The Capper Nomads Europe Adventure travel blog




Within the nave

King John I and his wife

The sons tombs

Looking up

The altar

In the cloister

The windows

The Grand Portal to the Unfinished Chapels

Detailed workmanship

The other side

Within the Unfinished Chapels

Despite the rain again we headed to Batalha or Battle Abbey. We were not sure what to expect but our guide book told us it was one of the must do’s in Portugal. As you approached the small town the view is dominated by the massive Batalha Abbey and its surrounding square. The abbey was designated as a UNESCO World Heritage site in 1983 because of the richness and originality of its Manueline decoration and as an outstanding example of Portuguese architecture.

The history of the Abbey or the monastery of Santa Maria da Vitoria as its official name was commissioned by Joao, Mestre de Aviz or King John I of Portugal following a vow to the Virgin Mary made in 1385 that if he won the battle against the Castilian army of Spain, that sealed Portugal’s independence from Spain, he would build a magnificent abbey. He won and the new King summoned the finest architects of the day. The construction work began around 1386 and continued until the first two decades of the 16th century under subsequent kings.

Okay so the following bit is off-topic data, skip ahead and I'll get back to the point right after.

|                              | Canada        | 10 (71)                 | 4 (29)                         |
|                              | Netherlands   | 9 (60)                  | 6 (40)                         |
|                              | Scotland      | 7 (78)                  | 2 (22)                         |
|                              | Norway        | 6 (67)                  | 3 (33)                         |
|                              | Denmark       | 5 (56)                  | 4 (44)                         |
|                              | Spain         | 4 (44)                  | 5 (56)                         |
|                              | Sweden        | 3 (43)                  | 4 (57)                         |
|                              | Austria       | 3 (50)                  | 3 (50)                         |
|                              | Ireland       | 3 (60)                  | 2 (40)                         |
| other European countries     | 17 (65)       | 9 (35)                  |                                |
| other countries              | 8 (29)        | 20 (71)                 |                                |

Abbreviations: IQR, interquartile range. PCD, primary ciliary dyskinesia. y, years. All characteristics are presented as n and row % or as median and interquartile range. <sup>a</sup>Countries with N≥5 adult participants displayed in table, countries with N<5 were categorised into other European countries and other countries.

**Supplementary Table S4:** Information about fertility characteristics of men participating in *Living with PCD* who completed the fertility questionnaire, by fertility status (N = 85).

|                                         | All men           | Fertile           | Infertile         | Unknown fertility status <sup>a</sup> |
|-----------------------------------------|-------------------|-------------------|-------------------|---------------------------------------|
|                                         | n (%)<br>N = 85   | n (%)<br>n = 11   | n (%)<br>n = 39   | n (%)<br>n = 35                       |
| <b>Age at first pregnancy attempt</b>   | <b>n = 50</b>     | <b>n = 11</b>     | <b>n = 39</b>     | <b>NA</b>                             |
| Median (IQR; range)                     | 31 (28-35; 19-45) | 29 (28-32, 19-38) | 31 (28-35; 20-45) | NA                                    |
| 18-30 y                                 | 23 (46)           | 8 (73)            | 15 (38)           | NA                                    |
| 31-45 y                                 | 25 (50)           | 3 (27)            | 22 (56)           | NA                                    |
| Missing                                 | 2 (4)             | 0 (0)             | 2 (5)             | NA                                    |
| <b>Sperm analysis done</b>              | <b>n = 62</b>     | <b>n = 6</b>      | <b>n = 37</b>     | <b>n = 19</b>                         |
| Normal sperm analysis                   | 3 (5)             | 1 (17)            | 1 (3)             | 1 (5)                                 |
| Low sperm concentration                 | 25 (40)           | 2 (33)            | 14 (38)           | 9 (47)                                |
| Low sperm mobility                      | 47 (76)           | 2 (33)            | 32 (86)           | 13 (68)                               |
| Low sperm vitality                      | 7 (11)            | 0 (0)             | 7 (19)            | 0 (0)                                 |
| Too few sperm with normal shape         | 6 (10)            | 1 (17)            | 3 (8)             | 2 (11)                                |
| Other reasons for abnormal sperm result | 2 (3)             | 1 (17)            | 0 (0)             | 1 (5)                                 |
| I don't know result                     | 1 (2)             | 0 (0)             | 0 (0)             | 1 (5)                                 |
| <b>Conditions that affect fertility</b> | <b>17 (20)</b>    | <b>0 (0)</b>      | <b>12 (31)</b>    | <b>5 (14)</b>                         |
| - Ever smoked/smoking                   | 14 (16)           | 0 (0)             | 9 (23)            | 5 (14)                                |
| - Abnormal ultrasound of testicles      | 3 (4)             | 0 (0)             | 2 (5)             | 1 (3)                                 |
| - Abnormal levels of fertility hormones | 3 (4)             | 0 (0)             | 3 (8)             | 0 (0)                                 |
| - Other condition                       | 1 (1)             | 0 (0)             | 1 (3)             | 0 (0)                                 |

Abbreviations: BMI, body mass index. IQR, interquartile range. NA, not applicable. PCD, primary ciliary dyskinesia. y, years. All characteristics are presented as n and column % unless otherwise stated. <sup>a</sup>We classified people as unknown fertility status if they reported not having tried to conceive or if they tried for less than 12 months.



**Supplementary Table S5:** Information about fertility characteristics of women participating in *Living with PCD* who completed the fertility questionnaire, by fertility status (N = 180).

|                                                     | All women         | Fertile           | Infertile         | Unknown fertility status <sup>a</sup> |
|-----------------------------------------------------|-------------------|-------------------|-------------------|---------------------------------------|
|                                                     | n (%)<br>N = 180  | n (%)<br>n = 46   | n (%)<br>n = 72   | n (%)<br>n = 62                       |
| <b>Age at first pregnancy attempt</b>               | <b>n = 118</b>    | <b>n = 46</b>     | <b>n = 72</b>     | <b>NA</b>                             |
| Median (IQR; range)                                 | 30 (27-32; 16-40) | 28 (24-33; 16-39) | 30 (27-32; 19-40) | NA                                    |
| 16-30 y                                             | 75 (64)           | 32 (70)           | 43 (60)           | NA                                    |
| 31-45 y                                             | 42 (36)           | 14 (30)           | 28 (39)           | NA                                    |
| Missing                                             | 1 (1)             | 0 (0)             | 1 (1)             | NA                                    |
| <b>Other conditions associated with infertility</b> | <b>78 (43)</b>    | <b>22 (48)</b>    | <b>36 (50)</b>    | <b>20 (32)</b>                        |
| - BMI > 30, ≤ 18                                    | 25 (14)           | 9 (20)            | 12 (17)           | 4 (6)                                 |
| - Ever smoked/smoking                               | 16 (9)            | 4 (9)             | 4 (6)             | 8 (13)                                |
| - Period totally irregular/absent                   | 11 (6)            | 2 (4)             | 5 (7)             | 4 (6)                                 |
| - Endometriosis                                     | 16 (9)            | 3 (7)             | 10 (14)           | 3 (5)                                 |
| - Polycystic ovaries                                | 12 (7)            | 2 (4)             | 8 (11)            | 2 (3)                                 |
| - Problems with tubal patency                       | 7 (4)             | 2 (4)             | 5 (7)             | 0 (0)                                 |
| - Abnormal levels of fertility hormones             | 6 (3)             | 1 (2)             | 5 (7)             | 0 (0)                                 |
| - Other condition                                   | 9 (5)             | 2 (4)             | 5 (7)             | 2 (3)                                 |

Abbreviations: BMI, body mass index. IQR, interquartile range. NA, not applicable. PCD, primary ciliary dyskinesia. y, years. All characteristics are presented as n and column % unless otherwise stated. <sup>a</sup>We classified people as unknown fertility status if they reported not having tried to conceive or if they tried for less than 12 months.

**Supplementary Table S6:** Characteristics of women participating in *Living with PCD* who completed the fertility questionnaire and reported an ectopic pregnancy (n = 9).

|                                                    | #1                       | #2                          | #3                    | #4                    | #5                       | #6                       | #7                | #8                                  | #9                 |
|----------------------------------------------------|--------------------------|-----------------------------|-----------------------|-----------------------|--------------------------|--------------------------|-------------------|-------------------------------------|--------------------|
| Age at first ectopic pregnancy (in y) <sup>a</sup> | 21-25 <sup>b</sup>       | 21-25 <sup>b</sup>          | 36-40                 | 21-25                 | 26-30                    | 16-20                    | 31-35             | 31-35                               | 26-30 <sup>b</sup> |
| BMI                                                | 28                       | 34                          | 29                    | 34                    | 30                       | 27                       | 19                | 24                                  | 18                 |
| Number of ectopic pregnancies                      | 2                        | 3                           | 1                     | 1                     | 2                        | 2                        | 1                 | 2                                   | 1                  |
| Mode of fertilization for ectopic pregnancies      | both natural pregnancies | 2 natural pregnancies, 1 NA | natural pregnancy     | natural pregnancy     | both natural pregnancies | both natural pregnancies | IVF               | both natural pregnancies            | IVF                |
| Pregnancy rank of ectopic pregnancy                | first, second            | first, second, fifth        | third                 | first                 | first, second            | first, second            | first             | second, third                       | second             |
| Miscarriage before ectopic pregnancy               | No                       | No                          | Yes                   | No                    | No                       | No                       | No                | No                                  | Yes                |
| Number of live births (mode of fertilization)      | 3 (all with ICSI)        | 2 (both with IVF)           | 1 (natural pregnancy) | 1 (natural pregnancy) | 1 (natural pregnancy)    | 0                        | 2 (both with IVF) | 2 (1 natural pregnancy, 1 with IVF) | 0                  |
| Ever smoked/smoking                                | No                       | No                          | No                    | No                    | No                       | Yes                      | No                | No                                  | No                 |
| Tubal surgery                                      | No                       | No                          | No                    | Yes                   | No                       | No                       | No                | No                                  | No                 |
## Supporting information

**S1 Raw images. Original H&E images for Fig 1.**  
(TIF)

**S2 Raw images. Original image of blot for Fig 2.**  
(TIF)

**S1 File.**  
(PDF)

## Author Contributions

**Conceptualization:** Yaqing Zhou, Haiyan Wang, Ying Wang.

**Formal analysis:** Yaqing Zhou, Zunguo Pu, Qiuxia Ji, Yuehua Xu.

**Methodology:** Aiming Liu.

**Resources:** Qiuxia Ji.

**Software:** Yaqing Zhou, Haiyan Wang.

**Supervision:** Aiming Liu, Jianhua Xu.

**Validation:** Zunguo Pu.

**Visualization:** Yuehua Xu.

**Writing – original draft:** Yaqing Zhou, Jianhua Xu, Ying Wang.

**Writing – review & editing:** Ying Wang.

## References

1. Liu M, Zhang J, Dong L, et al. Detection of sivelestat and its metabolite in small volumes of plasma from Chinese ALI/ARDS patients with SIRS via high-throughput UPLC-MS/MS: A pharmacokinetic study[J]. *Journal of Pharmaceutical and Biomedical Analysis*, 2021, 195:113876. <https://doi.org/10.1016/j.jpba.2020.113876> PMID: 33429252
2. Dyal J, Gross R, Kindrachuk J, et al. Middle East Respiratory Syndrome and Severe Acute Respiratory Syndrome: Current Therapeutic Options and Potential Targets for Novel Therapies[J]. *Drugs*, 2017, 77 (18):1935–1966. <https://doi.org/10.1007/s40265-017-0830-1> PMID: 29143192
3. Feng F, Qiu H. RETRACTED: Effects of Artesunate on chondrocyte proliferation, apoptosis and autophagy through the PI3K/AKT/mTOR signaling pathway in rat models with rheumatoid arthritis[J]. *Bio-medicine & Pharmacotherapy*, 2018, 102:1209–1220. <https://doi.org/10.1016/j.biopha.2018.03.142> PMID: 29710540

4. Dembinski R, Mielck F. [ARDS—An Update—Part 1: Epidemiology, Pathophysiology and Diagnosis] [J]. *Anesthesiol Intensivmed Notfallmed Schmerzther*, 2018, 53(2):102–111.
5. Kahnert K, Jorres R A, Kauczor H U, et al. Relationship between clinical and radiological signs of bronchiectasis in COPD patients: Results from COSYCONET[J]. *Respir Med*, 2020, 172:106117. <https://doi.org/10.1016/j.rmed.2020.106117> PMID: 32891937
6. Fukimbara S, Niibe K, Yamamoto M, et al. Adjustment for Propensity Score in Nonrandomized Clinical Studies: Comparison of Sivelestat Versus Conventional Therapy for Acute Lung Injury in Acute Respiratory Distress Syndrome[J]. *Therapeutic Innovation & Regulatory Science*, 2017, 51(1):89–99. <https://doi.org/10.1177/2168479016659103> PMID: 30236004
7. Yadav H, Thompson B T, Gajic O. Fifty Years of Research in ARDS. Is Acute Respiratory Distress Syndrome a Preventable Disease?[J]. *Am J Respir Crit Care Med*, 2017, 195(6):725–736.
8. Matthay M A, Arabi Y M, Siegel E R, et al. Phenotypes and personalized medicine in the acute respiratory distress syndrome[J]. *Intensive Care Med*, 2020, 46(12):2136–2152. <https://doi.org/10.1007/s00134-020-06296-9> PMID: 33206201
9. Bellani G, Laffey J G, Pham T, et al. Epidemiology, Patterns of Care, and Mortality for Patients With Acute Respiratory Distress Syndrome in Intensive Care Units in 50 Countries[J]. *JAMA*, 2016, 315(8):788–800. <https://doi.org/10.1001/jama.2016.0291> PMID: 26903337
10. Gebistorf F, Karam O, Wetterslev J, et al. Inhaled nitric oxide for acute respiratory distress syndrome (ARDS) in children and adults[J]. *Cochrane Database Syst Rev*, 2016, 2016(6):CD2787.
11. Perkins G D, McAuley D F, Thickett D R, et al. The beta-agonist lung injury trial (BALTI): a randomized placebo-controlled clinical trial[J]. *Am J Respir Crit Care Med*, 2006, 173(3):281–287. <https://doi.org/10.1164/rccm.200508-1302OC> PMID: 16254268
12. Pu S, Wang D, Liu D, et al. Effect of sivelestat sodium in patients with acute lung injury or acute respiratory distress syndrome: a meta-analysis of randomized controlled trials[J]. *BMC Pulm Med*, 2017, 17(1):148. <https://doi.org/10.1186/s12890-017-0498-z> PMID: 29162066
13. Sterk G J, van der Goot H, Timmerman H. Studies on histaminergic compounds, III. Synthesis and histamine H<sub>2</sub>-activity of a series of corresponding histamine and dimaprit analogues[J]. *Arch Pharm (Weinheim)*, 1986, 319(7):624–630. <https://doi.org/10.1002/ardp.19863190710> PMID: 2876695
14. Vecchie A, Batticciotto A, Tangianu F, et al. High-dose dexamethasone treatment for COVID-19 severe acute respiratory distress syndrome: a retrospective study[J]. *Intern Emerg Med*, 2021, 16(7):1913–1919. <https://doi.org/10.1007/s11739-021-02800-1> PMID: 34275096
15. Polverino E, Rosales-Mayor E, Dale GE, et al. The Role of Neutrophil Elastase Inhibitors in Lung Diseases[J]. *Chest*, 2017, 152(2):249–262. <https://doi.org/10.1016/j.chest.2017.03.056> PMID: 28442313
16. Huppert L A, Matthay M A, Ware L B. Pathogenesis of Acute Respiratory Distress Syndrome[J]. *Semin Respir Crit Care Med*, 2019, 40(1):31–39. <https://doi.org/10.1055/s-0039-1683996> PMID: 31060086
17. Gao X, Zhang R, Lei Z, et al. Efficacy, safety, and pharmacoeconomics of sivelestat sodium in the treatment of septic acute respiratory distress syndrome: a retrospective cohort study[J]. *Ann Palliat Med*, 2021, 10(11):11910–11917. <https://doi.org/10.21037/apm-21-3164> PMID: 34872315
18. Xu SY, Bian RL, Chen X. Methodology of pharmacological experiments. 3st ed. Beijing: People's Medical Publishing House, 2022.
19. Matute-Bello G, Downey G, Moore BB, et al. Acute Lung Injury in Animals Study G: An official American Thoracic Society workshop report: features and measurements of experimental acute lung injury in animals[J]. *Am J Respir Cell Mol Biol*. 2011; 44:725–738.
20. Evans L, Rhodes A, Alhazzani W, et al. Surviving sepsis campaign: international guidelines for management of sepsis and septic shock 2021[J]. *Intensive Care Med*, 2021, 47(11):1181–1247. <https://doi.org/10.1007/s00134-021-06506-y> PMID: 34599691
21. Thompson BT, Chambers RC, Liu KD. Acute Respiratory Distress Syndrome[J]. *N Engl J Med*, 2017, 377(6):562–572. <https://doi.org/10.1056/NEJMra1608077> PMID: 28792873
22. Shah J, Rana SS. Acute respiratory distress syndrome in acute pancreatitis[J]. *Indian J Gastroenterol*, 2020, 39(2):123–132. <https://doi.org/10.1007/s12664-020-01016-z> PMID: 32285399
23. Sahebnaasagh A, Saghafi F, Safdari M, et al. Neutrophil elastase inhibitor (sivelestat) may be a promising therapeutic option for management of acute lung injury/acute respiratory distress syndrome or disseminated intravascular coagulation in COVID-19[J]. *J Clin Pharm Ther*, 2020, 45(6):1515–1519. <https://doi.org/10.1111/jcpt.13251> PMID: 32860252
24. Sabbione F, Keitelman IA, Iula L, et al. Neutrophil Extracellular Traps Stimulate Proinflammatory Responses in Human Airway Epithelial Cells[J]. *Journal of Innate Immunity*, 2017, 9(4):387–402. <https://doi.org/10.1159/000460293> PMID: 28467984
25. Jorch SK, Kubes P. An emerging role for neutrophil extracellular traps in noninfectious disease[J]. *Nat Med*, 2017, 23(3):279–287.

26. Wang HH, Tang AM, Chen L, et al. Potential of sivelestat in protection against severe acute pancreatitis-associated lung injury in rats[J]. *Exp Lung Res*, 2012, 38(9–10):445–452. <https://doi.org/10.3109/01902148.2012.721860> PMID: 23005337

Exploring the abbey was awe inspiring.

Firstly the central nave of the church which rises up to 32.5 metres high reminded us of a number of the great cathedrals in Britain such as Winchester Cathedral.

Secondly the Founders Chapel with the ornate tombs of John I and his wife Philippa of Lancaster surrounded by the tombs of their four younger sons one being Prince Henry the Navigator.

Thirdly the highly decorated stone grilles of the Royal Cloister and finally the Unfinished Chapels. These Unfinished Chapels were commissioned in 1437 by King Duarte as a royal mausoleum but after his premature death his son King Manuel I architects transformed the Unfinished Chapels into an exquisite example of the 16th century Manueline art but the work was never finished. The stone work particularly on the Great Portal to the chapels was just stunning and very intricate. With the chapels open to the elements this gave them a unique atmosphere and was a spectacular grand finale of our visit to the abbey.

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